2.7. Intervention

The Feuerstein Instrumental Enrichment (FIE) Program is a cognitive training intervention based on structural cognitive modifiability and the mediated learning experience (MLE) theory [42]. The FIE program aims to promote problem-solving strategies and metacognitive abilities. It focuses on strengthening cognitive functions and on developing learning strategies. MLE processes describe the special quality of interaction between a mediator and a learner. In the MLE interaction, learning is achieved with the active instruction of the mediator who interposes him/herself between the learner and structured stimuli. MLE processes are gradually internalized and integrated by the learner, allowing for modification of cognitive function by means of self-mediation.
The FIE program uses a variety of instruments to enhance the cognitive capacity of the individual as a result of mediation. Each instrument consists of a set of tasks with increasing levels of difficulty, and in a process of active learning, recommendations are provided in order to enable the learner to acquire general principles for domains and contexts beyond the original domains presented. The Feuerstein Institute developed a specific application of the classic FIE designed for cognitive enhancement of aging adults (Feuerstein Memory Program developed by the author RSF). Beyond contributing to the preservation and possible improvement in cognitive function, this program aims to promote feelings of competence and independence and benefits the emotional state.
The classic FIE instruments include the following tasks: organization of dots, comparisons, spatial orientation, analytical perception, and instructions. These tasks are designed to develop skills related to systematic information gathering, reigning in impulsivity, analysis, and planning. The tasks comprising the Feuerstein Memory Program that was used in our study are memory-focused and include the following: processing and memory, the social sphere, everyday functioning, temporal orientation, and figural differences. Emphasis is placed on verbalization and outcome definition. Word fluency is addressed in every session. Strategies are taught to aid retrieval and memory, and focus is placed on strengthening the participants’ orientation skills, categorization abilities, deductive reasoning, and memory.
Specifically, for this study, the Feuerstein Instrumental Enrichment (FIE) Program comprised a combination of classic IE instruments as well as novel instruments. In each session, both classic and novel IE instruments were included in the training program. In our study, FIE was administered in group settings by instructors who were specifically trained to mediate based on the needs of the older population including increased font sizes, larger spaces between the dots, and other adaptations. Subjects participated in 30 mediated FIE sessions (two sessions weekly for 15 weeks, each session continuing for an hour and a half). Attendance data were gathered throughout the intervention period.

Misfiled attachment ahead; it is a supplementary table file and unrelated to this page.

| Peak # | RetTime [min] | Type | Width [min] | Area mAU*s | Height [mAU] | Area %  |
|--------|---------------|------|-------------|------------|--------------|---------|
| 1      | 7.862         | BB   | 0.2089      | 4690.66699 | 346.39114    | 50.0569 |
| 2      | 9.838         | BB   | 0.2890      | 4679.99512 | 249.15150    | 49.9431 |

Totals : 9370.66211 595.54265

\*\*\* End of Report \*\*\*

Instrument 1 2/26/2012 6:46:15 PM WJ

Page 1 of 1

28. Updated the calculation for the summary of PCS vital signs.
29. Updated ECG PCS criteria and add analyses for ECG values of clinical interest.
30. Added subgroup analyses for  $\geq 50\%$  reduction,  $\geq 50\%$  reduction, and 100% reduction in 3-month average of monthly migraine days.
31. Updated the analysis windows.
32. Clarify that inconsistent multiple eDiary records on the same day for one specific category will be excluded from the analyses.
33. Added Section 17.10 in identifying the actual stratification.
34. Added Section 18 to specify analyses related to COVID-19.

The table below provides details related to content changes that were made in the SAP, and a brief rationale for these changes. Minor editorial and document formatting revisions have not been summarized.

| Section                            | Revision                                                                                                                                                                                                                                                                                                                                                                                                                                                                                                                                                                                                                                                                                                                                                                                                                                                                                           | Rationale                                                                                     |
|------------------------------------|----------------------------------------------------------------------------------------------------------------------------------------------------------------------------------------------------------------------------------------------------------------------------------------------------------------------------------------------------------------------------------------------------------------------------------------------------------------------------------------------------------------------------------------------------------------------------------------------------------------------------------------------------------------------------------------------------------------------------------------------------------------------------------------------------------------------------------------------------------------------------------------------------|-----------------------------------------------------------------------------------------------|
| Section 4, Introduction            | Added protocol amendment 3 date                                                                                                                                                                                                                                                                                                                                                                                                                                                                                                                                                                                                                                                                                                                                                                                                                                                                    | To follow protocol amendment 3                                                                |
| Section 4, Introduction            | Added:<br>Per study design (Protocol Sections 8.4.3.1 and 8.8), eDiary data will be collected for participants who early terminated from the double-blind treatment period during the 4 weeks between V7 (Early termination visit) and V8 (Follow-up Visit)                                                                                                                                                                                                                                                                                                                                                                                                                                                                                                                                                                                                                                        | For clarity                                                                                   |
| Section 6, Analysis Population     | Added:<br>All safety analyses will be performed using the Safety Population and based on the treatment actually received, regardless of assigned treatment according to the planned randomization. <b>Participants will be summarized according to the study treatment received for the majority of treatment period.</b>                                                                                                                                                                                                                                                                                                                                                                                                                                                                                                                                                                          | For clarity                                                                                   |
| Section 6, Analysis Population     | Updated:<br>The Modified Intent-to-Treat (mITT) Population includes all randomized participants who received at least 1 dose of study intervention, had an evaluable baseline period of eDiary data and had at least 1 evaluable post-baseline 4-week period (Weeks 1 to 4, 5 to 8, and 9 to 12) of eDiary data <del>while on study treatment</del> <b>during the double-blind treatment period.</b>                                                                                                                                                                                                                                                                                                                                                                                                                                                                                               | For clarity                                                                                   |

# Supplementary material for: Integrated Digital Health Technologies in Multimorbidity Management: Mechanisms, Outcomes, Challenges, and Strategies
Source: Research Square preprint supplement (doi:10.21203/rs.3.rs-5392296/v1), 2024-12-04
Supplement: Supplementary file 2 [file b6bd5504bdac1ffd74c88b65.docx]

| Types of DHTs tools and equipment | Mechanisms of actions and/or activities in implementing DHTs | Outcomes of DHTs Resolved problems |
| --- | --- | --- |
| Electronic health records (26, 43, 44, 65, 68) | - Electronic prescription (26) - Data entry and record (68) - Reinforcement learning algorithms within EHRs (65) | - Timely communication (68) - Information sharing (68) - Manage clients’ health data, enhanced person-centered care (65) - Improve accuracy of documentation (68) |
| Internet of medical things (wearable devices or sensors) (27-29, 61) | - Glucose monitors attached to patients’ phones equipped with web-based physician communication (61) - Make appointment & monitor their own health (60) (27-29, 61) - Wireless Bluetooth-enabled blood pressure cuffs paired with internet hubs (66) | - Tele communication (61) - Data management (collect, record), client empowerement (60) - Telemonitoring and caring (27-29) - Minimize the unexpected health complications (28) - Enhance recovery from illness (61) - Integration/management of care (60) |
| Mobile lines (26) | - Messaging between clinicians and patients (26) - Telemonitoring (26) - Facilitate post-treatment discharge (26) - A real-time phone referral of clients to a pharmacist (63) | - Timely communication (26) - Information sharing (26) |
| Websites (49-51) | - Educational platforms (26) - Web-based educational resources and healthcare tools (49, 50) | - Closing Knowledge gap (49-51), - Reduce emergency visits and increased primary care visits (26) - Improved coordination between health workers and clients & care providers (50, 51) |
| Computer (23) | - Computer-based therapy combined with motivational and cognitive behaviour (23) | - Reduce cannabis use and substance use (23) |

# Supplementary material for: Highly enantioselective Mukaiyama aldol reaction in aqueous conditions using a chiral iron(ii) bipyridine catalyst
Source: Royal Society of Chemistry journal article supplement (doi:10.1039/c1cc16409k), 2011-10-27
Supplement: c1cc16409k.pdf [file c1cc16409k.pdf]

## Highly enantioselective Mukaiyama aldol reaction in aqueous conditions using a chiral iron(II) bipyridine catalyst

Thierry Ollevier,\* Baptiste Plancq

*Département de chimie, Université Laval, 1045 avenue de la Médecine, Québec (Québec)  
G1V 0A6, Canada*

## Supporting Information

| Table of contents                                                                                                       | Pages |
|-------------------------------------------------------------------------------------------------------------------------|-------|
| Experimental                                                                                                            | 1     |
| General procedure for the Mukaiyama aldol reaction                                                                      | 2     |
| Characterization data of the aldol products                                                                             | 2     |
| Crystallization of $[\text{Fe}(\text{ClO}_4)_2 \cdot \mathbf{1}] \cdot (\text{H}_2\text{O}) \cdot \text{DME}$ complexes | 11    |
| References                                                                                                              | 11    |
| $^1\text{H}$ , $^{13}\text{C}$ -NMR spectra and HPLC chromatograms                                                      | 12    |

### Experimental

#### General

3. Results

A total of 23 subjects completed the FIE program intervention (13 in Group A and 10 in Group B). The baseline characteristics of the study cohort are presented in Table 1.

3.1. Imaging Results

Some of the participants found multiple imaging sessions to be challenging and, therefore, complete, two-session sets of volumetric MRI data for voxel-based morphometry were obtained from only 16 participants, eight participants from each group, five men and 11 women. The mean age was 83.5 (SD 5.0) years. Ten of the participants were widowed, five were married, and one was single.
Voxel-based morphometry maps of the relative changes in brain tissues over one year in those who participated in cognitive training showed an increase in GM in two regions (Figure 2A and Table 2): (1) The anterolateral occipital lobe, bordering the parietal and temporal lobes of the left cerebral hemisphere. Surrounding the CSF in this region was, correspondingly, decreased: (2) the middle cingulate cortex.
There was an increase in WM, abating the increased GM in the left occipital lobe. But unlike the limited increase in GM, the WM effect was broader, dispersing over the dorsal parts of both hemispheres. Expected, aging-related changes were also observed (Figure 2B). A decrease in GM, ranging from 1.5% to 2.2%, was observed in seven large clusters, encompassing a total volume of 9691 mm3, located bilaterally in the frontal-basal regions and diffusely over the right hemisphere. Increased CSF was noticeable in the lateral ventricles as well as in the anterior longitudinal and the Sylvian fissures in both hemispheres.

3.2. Cognitive Results

Cognitive data were gathered from a total of 23 subjects including 13 participants from Group A and 10 participants from Group B (Table 3).
In the global cognitive score, there was no significant effect of time (in Group A, pre: M = 91.5, SD = 9.6; post: M = 93.4, SD = 7.0 and in Group B, pre: M = 99.2, SD = 8.8; post: M = 99.5, SD = 7.6, F(1,21) = 0.51, p = 0.48), and we did not find any interaction effect (F(1,21) = 0.30, p = 0.59).
In memory, there was a significant effect of time with improvement in memory for both groups (in Group A, pre: M = 91.8, SD = 13.5; post: M = 99.7, SD = 9.1; and in Group B, pre: M = 97.6, SD = 9.7; post: M = 99.9, SD = 9.2, F(1,21) = 4.29, p = 0.05) with a much larger improvement in Group A than in Group B but without a significant interaction effect (p = 0.26).